CDC Statement on MRSA in Men Who Have Sex with Men

Published: January 26, 2008

ATLANTA – MRSA is a common cause of skin infections throughout the United States. These infections occur in men, women, adults, children, and persons of all races and sexual orientations, and are known to be transmitted by close skin-to-skin contact. In the recent issue of the Annals of Internal Medicine, Diep et al looked at isolates of MRSA – USA300 strains containing a particular plasmid associated with additional drug resistance. The paper shows that multidrug-resistant USA300 has emerged as an important source of disease among men with have sex with men in two geographically distinct communities.

The strains of MRSA described in the recent Annals of Internal Medicine have mostly been identified in certain groups of men who have sex with men (MSM), but have also been found in some persons who are not MSM. It is important to note that the groups of MSM in which these isolates have been described are not representative of all MSM, so conclusions can not be drawn about the prevalence of these strains among all MSM. The groups studied in this report may share other characteristics or behaviors that facilitate spread of MRSA, such as frequent skin-to-skin contact.

CDC’s extensive and continuing study of invasive MRSA in nine U.S. states indicates that these strains are rare. CDC continues to monitor resistance patterns and strain characteristics in MRSA isolates submitted to CDC for a variety of investigations. Bacteria are able to acquire resistance to antibiotics. It is concerning that these bacteria are becoming resistant to more antibiotics than the typical community associated-MRSA strains because this limits the available treatment options. Fortunately, there are still effective choices available to treat infections when antibiotics are required, including those antibiotics given by mouth. It remains important to do what we can to prevent transmission of these strains and of MRSA in general.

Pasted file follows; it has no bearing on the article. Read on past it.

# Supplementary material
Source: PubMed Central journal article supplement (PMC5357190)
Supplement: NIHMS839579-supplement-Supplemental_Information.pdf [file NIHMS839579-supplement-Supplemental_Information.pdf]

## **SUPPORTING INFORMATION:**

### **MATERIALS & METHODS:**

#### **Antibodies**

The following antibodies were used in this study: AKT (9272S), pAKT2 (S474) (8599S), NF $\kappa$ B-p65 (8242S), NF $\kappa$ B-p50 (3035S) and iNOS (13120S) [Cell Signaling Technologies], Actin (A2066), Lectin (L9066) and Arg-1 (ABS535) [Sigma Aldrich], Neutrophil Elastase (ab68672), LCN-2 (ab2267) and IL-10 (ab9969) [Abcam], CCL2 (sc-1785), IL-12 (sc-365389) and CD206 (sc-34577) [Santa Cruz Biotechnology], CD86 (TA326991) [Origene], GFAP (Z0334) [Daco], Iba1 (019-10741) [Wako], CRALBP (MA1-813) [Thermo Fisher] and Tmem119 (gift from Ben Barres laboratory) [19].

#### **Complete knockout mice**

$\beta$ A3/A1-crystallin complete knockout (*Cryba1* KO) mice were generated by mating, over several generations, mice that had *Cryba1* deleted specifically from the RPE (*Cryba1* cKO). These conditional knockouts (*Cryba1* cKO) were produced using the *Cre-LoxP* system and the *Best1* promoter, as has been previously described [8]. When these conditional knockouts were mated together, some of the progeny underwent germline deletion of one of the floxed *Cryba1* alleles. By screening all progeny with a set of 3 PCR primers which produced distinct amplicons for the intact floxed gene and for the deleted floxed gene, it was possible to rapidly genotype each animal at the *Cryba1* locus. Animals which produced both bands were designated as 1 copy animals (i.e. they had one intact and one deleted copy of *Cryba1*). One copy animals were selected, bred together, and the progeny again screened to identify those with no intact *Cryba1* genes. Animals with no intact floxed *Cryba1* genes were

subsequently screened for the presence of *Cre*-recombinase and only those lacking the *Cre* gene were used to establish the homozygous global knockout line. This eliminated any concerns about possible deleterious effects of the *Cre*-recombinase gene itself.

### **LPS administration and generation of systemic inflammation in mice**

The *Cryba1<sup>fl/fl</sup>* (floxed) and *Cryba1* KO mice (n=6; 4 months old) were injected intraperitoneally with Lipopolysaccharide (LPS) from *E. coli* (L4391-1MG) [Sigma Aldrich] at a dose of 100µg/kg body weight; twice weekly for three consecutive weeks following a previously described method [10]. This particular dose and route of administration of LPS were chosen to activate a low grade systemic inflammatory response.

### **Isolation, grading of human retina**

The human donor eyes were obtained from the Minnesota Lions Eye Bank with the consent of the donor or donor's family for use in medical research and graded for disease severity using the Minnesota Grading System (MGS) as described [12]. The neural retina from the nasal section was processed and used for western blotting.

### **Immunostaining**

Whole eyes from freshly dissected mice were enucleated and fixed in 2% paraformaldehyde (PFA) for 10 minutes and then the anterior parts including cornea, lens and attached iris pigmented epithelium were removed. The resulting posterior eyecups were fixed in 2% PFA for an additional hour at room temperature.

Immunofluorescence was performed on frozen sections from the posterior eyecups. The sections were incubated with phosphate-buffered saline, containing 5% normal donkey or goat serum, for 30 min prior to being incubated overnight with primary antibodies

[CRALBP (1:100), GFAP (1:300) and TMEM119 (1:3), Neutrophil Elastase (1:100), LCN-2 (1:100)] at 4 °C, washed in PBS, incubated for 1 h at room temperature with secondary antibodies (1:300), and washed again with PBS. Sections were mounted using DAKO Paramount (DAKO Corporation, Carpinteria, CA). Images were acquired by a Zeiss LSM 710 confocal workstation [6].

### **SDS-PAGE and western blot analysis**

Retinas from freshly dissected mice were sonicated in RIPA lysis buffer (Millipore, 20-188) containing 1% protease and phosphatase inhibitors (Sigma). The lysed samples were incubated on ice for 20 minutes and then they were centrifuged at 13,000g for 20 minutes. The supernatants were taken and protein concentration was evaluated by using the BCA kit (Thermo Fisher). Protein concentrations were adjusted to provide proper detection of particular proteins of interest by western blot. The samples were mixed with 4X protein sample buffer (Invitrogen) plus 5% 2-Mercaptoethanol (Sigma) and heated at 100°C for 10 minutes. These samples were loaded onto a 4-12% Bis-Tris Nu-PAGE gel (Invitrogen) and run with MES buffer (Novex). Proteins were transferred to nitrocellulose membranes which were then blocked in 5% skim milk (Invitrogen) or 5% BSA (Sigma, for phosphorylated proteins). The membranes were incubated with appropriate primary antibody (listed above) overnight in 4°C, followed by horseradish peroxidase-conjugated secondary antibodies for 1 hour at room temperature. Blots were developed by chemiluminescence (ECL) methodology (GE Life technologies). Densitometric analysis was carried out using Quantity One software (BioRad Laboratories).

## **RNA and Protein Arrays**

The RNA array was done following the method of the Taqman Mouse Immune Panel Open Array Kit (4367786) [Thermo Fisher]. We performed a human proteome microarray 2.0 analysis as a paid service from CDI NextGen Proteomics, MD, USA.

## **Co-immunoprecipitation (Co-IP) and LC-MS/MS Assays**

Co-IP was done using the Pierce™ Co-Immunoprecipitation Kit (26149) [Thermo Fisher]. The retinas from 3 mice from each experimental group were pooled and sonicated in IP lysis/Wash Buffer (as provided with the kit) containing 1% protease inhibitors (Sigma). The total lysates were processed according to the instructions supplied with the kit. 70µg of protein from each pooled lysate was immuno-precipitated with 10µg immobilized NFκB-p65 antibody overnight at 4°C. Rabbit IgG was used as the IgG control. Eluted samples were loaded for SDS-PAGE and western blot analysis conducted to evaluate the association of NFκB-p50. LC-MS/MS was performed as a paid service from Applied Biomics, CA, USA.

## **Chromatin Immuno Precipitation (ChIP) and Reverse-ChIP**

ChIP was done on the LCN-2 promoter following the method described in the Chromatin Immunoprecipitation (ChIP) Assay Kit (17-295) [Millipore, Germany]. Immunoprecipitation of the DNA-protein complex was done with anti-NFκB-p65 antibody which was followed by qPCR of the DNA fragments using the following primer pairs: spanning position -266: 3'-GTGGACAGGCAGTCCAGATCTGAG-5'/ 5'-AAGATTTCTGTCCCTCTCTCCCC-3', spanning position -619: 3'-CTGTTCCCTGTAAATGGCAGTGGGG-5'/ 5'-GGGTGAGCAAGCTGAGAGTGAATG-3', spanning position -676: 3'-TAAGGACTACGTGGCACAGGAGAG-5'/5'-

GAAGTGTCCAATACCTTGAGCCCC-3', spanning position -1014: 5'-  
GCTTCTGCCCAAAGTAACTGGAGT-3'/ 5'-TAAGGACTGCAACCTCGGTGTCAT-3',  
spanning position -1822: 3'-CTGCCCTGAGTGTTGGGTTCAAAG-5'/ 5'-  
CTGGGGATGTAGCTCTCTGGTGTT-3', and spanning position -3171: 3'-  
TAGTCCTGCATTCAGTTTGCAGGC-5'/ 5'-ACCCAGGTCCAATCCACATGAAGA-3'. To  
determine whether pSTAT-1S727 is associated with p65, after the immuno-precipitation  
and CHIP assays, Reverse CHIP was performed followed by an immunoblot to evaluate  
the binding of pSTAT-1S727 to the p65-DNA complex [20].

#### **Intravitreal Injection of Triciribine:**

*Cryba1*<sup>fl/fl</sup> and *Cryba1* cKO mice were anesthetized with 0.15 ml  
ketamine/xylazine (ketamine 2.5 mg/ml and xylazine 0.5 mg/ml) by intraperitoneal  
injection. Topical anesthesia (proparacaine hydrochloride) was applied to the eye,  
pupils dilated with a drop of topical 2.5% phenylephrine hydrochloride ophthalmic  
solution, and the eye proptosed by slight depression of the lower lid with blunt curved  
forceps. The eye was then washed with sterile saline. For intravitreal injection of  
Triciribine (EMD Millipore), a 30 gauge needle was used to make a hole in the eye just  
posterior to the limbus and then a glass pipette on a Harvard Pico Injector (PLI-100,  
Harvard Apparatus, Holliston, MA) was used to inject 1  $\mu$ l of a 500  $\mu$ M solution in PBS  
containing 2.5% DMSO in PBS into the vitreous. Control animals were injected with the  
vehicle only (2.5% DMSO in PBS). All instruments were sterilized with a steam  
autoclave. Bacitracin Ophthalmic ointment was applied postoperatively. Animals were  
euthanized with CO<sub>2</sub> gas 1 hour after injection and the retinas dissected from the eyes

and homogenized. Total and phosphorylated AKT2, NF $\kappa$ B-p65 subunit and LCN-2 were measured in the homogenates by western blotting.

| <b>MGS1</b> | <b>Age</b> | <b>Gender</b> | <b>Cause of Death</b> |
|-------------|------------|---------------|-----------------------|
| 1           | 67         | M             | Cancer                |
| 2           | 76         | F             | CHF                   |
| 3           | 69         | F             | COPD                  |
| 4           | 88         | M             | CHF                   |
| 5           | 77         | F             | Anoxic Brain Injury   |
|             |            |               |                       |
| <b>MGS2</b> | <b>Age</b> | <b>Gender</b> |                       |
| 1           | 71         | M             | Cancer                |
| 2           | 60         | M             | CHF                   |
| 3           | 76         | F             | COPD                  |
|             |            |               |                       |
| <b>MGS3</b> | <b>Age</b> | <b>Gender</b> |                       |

MRSA is typically transmitted through skin-to-skin contact, which occurs during a variety of activities, including sex. There is no evidence at this time to suggest that it MRSA is a sexually-transmitted infection in the classical sense.

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Therefore, CDC believes that our recommended prevention measures for CA-MRSA in general are also the most appropriate response to the strains described among MSM.

You can prevent spreading staph or MRSA skin infections to others by following these steps:

  • Cover your wound. Keep wounds that are draining or have pus covered with clean, dry bandages. Follow your healthcare provider’s instructions on proper care of the wound. Pus from infected wounds can contain staph and MRSA, so keeping wounds covered will help prevent the spread to others. Bandages or tape can be discarded with the regular trash.
  • Clean your hands. You, your family, and others in close contact should wash their hands frequently with soap and warm water or use an alcohol-based hand sanitizer, especially after changing the bandage or touching the infected wounds.
  • Do not share personal items. Avoid sharing personal items such as towels, washcloths, razors, clothing, or uniforms that may have had contact with infected wounds or bandages. Wash sheets, towels, and clothes that become soiled with water and laundry detergent. Drying clothes in a hot dryer, rather than air-drying, also helps kill bacteria in clothes.
  • Talk to your doctor. Tell any healthcare providers who treat you that you have or had a staph or MRSA skin infection.


CDC Jan. 16 press release

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